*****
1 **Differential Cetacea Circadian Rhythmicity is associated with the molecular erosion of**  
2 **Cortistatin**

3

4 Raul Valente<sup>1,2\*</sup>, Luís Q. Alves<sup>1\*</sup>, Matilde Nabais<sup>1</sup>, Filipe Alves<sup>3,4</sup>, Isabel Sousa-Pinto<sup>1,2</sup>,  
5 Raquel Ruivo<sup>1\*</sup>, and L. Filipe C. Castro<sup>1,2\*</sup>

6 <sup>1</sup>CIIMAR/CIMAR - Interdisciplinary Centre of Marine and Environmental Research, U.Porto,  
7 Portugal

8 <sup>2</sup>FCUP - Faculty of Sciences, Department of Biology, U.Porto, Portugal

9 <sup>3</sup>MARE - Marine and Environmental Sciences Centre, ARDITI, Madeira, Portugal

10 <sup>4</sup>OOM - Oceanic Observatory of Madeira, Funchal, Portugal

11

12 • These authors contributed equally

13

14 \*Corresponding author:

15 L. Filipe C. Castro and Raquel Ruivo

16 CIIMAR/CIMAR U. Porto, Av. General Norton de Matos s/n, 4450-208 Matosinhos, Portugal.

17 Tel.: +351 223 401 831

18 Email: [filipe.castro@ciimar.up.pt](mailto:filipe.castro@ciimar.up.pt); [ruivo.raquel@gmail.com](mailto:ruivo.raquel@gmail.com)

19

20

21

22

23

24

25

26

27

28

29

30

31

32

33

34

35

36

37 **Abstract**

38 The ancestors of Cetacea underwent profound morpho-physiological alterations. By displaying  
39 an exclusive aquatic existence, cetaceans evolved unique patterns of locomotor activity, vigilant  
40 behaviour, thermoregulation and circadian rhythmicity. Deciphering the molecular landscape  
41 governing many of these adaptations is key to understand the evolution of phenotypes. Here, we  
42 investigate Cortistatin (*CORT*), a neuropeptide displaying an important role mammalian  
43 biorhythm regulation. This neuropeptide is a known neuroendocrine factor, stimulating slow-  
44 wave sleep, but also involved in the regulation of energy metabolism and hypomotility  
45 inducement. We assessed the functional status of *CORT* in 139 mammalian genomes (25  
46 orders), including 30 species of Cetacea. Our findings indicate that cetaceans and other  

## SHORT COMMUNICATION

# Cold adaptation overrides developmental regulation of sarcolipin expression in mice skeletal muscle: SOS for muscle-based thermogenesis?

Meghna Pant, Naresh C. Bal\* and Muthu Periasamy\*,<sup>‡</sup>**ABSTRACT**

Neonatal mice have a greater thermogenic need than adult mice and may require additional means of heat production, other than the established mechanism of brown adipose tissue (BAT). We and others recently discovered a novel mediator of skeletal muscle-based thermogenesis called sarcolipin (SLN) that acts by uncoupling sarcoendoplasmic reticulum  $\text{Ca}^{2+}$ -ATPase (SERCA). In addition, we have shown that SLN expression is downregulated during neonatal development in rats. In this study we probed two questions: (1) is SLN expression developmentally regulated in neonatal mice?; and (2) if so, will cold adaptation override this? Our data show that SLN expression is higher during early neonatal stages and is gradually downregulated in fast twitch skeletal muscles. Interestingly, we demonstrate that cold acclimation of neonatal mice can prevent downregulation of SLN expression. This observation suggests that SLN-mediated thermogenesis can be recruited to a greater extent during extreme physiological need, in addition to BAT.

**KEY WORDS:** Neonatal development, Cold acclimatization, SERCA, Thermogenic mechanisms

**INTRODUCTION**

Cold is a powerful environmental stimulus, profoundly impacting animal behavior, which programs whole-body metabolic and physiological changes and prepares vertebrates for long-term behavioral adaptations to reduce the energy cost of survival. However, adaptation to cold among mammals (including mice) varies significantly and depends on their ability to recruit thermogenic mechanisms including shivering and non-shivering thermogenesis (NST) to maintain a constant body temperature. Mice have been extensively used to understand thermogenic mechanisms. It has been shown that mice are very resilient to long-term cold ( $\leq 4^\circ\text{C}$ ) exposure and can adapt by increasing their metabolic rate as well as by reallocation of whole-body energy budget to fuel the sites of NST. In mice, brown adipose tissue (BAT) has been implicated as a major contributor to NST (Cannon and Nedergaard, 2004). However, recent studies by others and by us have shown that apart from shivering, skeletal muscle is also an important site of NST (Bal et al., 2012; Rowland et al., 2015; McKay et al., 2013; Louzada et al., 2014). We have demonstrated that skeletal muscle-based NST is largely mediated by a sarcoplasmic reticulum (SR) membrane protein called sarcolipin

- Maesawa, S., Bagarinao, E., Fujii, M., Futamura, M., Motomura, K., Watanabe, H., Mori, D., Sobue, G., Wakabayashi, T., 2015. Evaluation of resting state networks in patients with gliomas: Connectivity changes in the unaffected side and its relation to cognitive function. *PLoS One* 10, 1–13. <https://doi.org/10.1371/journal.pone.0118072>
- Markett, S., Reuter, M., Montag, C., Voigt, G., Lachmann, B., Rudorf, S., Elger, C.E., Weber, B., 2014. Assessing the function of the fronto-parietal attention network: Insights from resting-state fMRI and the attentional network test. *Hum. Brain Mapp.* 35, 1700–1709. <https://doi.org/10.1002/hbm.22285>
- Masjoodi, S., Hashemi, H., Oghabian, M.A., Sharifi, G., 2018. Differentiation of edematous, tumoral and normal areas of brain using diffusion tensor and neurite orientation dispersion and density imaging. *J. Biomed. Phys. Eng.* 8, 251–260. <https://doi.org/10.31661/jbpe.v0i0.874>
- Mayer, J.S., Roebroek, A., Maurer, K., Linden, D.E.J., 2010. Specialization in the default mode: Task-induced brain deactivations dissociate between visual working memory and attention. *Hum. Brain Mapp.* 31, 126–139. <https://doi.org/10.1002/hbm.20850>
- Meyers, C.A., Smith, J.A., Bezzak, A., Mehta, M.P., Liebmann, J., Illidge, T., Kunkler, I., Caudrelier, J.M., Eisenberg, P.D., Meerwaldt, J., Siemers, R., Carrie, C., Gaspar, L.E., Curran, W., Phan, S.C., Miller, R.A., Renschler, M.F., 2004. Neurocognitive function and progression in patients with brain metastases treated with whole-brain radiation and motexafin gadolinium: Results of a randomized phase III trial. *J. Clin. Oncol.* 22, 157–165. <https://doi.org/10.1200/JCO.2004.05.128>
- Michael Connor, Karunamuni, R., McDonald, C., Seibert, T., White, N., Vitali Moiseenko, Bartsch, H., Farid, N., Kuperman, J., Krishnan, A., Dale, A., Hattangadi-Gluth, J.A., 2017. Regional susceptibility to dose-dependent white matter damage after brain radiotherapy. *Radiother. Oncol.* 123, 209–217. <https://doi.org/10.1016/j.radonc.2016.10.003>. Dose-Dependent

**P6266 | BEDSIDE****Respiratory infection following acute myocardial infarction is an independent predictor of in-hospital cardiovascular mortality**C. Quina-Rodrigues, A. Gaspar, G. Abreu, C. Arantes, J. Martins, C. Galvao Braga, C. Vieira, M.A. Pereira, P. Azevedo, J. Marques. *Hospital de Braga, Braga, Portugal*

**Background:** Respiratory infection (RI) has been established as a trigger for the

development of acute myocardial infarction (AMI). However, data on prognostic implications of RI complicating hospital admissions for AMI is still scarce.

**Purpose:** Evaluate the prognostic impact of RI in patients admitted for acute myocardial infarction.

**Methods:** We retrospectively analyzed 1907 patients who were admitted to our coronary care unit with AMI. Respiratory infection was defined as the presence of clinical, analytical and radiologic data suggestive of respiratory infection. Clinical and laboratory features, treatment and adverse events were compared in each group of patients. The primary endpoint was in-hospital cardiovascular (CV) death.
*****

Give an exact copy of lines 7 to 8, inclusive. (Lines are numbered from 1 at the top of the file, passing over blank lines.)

7 Portugal

8 <sup>2</sup>FCUP - Faculty of Sciences, Department of Biology, U.Porto, Portugal